President Cyril Ramaphosa has said that vaccines are vital in overcoming the Covid-19 pandemic, emphasising that false information and fake news can put lives at risk.
Ramaphosa dedicated his weekly newsletter to government’s efforts to roll out the first consignment of Covid-19 vaccines from the Serum Institute in India.
“It will signal the start of a mass vaccination campaign that will be the most ambitious and extensive in our country’s history,” Ramaphosa said.
He added that the first vaccines to arrive would be provided to healthcare workers, who would be targeted in the first phase. The second phase would include essential workers, teachers, the elderly and those with co-morbidities. The third phase would include other adults in the population.
“A comprehensive rollout strategy and an accompanying logistical framework will be implemented in partnership with the private sector, civil society, traditional leadership, the religious sector and others. It is vital that this is a society-wide campaign, in which everyone is involved and no one is left behind.”
Ramaphosa said government had already embarked on an extensive communications campaign to educate the population about the Covid-19 vaccine, and to challenge many of the misconceptions in circulation.
“For its part, government will work to improve all its channels of communication, to keep the public regularly informed on the development of the vaccination programme, to provide information that is accurate and factual, and to continue to engage with and listen to the broad range of voices in our society.”
Ramaphosa also addressed concerns about government’s alleged fumbling in securing vaccines by failing to ensure it engaged early and timeously with vaccine makers resulting in a delayed arrival of vaccines in the country.
Despite claiming to have been in talks with pharmaceutical companies for “six months”, government only started confirming deals with manufacturers in January – in the face of a groundswell of criticism, News24 earlier reported.
Deals with manufacturers to be released
Ramaphosa said that vaccines would arrive “soon”, adding that government has been working, both through multilateral initiatives and direct negotiations with manufacturers, to ensure South Africa can make the best use of vaccines when they become available.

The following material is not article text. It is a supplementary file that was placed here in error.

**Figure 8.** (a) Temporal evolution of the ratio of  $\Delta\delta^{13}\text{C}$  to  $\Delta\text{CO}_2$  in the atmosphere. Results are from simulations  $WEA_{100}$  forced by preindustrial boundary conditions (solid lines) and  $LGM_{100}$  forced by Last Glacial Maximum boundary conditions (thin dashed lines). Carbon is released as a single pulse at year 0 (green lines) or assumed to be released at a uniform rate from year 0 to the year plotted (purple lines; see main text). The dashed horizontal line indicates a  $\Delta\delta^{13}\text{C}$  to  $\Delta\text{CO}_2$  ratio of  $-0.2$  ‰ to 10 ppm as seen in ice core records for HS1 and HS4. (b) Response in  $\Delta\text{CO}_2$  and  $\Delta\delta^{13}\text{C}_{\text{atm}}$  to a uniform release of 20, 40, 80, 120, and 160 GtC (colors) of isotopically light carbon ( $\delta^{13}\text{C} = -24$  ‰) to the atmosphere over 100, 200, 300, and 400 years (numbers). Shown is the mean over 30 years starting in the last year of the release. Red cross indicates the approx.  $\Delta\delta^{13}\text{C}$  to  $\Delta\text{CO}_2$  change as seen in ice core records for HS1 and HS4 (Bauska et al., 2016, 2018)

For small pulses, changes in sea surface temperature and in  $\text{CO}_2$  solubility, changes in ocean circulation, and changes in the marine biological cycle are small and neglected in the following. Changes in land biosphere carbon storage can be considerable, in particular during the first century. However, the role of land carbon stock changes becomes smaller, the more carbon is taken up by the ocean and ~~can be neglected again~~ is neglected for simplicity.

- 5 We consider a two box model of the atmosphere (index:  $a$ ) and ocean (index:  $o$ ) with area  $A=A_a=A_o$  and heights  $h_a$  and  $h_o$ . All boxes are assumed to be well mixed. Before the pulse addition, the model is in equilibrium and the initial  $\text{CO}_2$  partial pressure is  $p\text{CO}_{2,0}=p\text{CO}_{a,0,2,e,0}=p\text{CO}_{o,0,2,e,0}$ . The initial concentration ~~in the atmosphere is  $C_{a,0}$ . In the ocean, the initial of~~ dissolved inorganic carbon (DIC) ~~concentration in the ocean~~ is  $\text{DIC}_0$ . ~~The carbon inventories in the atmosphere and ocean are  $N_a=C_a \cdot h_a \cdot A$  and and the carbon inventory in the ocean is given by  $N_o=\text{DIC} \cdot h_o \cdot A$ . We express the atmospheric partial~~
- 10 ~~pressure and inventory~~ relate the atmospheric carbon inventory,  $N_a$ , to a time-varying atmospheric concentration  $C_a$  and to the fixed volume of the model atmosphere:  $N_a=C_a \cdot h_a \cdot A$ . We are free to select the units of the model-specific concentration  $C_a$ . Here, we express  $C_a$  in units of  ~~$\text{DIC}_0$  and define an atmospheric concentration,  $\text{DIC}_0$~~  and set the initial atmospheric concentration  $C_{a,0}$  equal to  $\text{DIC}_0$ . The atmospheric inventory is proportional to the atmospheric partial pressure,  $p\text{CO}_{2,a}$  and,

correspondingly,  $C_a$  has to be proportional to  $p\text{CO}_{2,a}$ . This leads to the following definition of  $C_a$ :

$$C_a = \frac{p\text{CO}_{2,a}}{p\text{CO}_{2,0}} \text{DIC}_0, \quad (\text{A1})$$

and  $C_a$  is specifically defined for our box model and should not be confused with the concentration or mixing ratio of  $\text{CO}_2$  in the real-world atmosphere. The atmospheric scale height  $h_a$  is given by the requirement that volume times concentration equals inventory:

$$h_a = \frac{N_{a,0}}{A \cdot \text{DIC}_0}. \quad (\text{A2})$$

“There has been concern that government has not been sufficiently transparent about these efforts. However, as we did with the announcement on the Serum Institute, the details of deals with manufacturers will be released as and when negotiations are concluded and we are released from the communications terms of the non-disclosure agreements,” Ramaphosa said.
“This is commonplace in such circumstances, and most governments have had to comply with similar restrictions. We recognise that it is important that the public must be kept abreast of developments on vaccine acquisition at all times. And government must be held to account for all the decisions it makes in this regard.
“Freedom of speech and open public debate are cornerstones of our democracy, as is the media’s right to scrutinise and interrogate all government’s policies and decisions.
“Throughout the pandemic, government has been open and transparent with the South African people on the health measures it is taking to secure our people’s safety. We have sought to explain all our decisions, to listen to people’s concerns and to continuously update the country on the state of the disease. When it comes to fighting a deadly pandemic like this, honesty and trust are just as valuable as any vaccine,” Ramaphosa said.
Extensive, protracted negotiations
He added that – given the unprecedented global demand for vaccine doses, combined with the far greater buying power of wealthier countries – government had to engage in extensive and protracted negotiations with manufacturers to secure enough vaccines to reach South Africa’s adult population.
“We have also worked closely with the global COVAX facility and the African Union’s Vaccine Acquisition Task Team as part of the collective effort to secure vaccines for the world’s low- and middle-income countries. The doses that South Africa will receive through its participation in these initiatives, together with the agreements being made directly with manufacturers, should ensure that the country has sufficient vaccines to contain the spread of the virus.
“We have a massive task ahead of us, probably far greater than any of us has ever undertaken before. But if we work together, if we support and trust each other and if we keep the lines of communication open, we will certainly succeed,” Ramaphosa said.
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